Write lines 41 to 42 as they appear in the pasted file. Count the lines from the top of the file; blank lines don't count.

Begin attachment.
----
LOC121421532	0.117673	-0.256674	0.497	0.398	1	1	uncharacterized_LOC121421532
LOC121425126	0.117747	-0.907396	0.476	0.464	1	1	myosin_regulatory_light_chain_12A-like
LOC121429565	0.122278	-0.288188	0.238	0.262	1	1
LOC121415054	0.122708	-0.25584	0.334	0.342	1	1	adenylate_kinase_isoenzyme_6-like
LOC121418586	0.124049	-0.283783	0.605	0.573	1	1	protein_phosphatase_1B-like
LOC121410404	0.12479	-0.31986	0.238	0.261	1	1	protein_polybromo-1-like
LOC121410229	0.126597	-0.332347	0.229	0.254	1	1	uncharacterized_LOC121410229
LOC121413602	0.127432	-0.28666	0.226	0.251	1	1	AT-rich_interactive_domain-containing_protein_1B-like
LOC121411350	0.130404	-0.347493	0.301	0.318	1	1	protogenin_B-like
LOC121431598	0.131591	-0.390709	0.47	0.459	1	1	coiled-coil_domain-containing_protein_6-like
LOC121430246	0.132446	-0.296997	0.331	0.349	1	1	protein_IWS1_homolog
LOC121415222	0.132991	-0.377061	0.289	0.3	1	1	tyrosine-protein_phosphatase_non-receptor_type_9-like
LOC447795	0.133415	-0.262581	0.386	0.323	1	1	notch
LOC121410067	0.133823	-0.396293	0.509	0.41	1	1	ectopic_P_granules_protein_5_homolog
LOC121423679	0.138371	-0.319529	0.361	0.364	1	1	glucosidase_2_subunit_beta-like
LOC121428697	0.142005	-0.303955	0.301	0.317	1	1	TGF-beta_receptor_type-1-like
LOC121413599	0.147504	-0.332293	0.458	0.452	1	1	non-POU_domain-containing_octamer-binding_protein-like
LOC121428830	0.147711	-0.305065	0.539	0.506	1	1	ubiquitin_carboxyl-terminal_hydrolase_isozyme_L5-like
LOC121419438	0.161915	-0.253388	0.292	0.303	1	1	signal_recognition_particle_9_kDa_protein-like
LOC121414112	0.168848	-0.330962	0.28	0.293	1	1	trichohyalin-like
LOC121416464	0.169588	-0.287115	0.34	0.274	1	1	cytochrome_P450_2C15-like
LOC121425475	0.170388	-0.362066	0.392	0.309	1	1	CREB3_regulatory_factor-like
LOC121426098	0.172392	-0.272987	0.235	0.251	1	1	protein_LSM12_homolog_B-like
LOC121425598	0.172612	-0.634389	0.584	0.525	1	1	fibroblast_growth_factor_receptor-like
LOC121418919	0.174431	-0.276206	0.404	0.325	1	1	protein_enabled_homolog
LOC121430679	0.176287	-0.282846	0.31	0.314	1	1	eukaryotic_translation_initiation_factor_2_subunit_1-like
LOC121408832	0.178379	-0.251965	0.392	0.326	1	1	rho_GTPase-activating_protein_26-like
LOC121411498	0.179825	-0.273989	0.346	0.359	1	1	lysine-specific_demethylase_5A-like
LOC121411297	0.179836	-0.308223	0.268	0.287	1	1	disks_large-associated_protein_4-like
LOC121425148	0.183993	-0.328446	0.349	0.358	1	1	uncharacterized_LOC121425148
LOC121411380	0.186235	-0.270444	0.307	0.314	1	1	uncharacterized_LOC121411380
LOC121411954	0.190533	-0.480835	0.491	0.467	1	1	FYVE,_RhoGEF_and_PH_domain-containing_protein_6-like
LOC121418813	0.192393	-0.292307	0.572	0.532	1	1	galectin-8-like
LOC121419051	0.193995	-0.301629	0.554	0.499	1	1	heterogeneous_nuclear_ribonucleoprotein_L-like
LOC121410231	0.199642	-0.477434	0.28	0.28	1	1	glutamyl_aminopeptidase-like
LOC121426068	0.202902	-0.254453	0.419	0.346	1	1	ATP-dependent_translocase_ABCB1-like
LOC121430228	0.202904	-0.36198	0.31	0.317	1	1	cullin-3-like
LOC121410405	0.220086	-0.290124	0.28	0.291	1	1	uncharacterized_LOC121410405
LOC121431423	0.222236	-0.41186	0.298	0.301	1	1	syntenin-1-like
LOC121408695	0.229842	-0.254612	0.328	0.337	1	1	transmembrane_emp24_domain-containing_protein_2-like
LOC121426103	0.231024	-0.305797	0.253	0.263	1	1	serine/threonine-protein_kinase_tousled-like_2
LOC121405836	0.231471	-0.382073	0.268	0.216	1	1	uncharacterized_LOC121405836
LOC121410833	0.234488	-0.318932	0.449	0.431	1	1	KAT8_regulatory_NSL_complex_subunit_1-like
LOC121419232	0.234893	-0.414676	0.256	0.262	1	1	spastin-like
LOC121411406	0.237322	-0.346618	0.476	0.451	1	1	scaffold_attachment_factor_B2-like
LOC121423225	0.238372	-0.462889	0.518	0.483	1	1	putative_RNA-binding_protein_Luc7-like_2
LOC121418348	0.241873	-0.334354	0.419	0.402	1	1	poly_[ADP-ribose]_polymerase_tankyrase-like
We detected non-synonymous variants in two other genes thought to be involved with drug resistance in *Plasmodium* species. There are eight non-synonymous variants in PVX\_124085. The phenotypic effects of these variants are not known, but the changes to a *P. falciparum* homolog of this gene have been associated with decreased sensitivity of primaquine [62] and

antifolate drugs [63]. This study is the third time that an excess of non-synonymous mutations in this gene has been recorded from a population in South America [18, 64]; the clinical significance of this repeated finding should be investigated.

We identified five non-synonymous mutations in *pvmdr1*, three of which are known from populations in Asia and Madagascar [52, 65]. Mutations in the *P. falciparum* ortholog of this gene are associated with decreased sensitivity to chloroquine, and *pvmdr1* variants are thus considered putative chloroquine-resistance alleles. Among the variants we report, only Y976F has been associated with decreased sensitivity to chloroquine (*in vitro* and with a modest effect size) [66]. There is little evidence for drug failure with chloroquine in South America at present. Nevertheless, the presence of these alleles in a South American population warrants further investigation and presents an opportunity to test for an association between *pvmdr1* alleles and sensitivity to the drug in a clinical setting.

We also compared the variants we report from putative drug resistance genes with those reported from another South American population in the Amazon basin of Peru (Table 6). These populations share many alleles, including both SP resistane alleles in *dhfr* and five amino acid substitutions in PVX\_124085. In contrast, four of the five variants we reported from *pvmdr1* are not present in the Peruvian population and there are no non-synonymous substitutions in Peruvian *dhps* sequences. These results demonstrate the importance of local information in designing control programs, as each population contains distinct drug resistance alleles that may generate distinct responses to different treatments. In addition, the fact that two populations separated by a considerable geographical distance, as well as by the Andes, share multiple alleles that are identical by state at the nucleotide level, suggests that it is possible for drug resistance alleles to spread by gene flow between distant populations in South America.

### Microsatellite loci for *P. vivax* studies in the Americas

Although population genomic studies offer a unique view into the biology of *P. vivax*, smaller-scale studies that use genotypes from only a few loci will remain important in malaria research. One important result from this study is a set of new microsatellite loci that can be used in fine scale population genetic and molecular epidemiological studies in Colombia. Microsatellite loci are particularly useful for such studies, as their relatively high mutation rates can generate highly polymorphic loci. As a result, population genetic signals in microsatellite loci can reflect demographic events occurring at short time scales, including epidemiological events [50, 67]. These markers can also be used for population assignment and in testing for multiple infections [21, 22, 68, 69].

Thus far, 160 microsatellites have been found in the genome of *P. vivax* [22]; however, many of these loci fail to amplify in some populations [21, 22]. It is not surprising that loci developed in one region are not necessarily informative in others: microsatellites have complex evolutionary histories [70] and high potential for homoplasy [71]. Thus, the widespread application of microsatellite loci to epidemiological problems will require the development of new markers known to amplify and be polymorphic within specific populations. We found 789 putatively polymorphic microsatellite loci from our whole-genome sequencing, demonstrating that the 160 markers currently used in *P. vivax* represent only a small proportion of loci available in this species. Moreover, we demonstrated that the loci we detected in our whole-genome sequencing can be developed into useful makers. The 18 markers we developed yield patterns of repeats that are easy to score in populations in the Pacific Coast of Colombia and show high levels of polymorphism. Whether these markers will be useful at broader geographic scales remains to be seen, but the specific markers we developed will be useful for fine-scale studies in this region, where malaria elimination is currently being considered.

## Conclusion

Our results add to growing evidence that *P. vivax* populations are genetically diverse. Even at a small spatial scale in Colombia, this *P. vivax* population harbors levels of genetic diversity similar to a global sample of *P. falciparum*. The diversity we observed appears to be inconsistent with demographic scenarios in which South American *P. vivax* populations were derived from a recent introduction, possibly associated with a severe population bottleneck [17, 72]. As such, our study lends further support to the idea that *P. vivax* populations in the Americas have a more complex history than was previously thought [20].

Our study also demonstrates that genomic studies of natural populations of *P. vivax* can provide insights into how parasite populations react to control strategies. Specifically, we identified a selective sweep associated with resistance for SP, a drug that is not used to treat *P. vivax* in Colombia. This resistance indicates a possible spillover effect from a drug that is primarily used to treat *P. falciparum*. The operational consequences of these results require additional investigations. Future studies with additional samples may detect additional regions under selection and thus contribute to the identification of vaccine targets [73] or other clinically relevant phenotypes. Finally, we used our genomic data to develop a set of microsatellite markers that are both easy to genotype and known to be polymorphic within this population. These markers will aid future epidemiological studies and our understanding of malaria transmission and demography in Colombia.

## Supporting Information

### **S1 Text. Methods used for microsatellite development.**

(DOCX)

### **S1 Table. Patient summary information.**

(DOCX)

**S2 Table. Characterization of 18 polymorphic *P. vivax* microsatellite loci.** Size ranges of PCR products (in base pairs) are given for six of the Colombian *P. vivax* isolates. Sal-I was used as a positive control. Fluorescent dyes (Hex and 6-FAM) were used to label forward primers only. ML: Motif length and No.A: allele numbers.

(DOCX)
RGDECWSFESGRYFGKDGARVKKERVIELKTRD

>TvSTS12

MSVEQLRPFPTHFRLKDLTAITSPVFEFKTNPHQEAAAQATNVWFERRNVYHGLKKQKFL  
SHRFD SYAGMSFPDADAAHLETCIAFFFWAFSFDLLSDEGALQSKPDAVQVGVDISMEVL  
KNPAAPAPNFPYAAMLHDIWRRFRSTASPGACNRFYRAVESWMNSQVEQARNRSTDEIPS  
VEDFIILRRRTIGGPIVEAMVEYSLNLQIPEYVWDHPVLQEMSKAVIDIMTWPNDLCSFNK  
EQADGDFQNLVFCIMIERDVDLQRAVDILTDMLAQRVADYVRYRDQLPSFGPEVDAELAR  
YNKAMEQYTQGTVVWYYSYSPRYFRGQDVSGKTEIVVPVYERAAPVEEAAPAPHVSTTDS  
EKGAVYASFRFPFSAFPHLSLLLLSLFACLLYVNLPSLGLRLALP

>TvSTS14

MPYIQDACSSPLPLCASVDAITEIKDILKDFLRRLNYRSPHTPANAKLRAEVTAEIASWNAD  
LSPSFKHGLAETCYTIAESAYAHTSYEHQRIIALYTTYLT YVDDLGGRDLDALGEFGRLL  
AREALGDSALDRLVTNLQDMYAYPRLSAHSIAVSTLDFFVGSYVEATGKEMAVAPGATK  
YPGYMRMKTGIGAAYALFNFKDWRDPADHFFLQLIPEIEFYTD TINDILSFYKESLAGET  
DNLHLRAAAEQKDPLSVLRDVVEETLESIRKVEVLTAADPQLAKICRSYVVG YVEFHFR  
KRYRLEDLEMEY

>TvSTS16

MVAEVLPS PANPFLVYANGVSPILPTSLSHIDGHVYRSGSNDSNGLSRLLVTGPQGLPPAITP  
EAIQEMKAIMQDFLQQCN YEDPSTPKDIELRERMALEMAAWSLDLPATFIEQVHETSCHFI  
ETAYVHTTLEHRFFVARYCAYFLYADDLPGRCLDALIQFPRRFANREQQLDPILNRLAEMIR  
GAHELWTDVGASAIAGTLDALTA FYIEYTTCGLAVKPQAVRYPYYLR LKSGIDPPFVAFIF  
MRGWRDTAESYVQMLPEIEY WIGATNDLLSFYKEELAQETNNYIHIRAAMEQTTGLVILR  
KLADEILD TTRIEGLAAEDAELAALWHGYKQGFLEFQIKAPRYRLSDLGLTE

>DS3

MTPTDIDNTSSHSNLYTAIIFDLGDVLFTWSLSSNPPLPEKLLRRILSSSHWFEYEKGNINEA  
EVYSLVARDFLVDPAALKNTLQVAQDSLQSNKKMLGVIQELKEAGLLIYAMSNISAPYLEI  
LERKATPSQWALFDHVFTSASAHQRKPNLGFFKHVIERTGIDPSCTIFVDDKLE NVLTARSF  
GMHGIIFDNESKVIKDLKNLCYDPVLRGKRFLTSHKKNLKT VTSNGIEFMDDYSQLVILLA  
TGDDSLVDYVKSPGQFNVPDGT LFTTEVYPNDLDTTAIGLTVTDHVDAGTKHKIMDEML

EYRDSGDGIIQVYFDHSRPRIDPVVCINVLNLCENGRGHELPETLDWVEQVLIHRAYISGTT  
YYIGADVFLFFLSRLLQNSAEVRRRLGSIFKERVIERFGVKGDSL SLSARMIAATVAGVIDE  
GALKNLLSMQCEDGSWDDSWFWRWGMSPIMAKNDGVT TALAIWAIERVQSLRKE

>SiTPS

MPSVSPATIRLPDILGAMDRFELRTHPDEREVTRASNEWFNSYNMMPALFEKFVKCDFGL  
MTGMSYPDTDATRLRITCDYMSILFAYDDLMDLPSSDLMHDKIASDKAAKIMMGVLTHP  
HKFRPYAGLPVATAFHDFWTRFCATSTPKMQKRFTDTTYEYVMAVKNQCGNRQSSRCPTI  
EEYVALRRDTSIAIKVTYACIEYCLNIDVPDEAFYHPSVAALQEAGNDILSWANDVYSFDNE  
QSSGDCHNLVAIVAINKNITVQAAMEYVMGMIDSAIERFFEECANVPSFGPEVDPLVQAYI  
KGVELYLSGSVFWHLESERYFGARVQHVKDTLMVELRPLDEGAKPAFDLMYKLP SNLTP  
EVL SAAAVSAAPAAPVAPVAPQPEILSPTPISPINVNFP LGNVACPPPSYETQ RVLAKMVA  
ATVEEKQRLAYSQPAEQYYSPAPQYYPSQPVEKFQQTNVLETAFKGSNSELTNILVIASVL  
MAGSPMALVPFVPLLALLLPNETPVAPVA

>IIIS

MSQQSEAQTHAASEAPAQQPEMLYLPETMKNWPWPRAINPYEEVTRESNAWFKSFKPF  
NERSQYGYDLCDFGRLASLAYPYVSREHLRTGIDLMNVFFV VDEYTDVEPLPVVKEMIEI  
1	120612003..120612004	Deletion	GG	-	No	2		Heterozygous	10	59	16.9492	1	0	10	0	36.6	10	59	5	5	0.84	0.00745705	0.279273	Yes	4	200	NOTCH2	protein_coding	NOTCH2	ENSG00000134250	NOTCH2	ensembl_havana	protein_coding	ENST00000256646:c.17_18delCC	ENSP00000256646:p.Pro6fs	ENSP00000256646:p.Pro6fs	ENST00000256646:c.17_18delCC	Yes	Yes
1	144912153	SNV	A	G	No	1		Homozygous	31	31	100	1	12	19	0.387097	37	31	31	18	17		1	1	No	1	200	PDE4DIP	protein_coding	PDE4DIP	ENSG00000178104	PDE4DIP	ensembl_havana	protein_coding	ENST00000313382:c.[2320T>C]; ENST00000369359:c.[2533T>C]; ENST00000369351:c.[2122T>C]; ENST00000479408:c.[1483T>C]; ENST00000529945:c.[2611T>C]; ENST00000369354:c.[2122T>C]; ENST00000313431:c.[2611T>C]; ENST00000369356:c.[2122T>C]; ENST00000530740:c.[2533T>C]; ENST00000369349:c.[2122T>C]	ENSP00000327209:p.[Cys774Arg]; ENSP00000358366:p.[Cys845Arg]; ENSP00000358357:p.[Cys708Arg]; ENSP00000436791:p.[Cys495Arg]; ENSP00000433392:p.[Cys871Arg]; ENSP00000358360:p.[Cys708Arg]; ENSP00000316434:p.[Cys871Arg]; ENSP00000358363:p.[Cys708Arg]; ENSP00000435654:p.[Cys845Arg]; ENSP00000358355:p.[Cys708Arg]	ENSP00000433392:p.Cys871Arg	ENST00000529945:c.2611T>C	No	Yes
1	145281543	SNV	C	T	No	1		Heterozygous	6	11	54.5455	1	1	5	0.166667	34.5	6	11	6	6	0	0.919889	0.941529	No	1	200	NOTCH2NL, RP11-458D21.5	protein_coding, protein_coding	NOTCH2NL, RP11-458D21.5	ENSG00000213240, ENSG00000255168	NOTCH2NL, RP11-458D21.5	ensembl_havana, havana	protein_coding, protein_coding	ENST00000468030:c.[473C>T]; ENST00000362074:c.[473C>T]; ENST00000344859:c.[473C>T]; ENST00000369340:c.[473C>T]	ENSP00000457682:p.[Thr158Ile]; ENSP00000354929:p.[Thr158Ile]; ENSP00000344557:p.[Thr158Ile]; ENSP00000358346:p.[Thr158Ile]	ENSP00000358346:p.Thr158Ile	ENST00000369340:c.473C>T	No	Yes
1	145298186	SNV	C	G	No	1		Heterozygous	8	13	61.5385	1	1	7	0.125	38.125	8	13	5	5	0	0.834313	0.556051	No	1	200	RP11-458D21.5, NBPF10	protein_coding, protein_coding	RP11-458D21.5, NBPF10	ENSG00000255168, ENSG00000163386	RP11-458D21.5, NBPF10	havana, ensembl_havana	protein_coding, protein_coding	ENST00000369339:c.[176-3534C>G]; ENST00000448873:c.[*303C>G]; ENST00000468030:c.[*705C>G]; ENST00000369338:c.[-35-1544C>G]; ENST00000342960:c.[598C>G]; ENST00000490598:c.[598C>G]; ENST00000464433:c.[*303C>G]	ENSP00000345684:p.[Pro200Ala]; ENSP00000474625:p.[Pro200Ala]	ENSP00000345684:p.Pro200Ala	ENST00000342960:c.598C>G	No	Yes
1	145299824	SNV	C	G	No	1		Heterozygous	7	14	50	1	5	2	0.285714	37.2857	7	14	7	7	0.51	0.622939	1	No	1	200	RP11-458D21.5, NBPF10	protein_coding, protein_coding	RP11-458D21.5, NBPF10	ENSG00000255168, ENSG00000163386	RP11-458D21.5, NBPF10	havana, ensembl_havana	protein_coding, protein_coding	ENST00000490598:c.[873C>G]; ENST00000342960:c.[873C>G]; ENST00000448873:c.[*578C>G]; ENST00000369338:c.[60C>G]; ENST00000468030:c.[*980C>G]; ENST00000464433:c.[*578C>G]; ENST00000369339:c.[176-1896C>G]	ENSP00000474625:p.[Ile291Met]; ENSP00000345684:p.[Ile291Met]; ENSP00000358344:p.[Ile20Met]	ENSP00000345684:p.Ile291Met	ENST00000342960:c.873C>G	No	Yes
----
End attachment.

LOC121426103	0.231024	-0.305797	0.253	0.263	1	1	serine/threonine-protein_kinase_tousled-like_2
LOC121405836	0.231471	-0.382073	0.268	0.216	1	1	uncharacterized_LOC121405836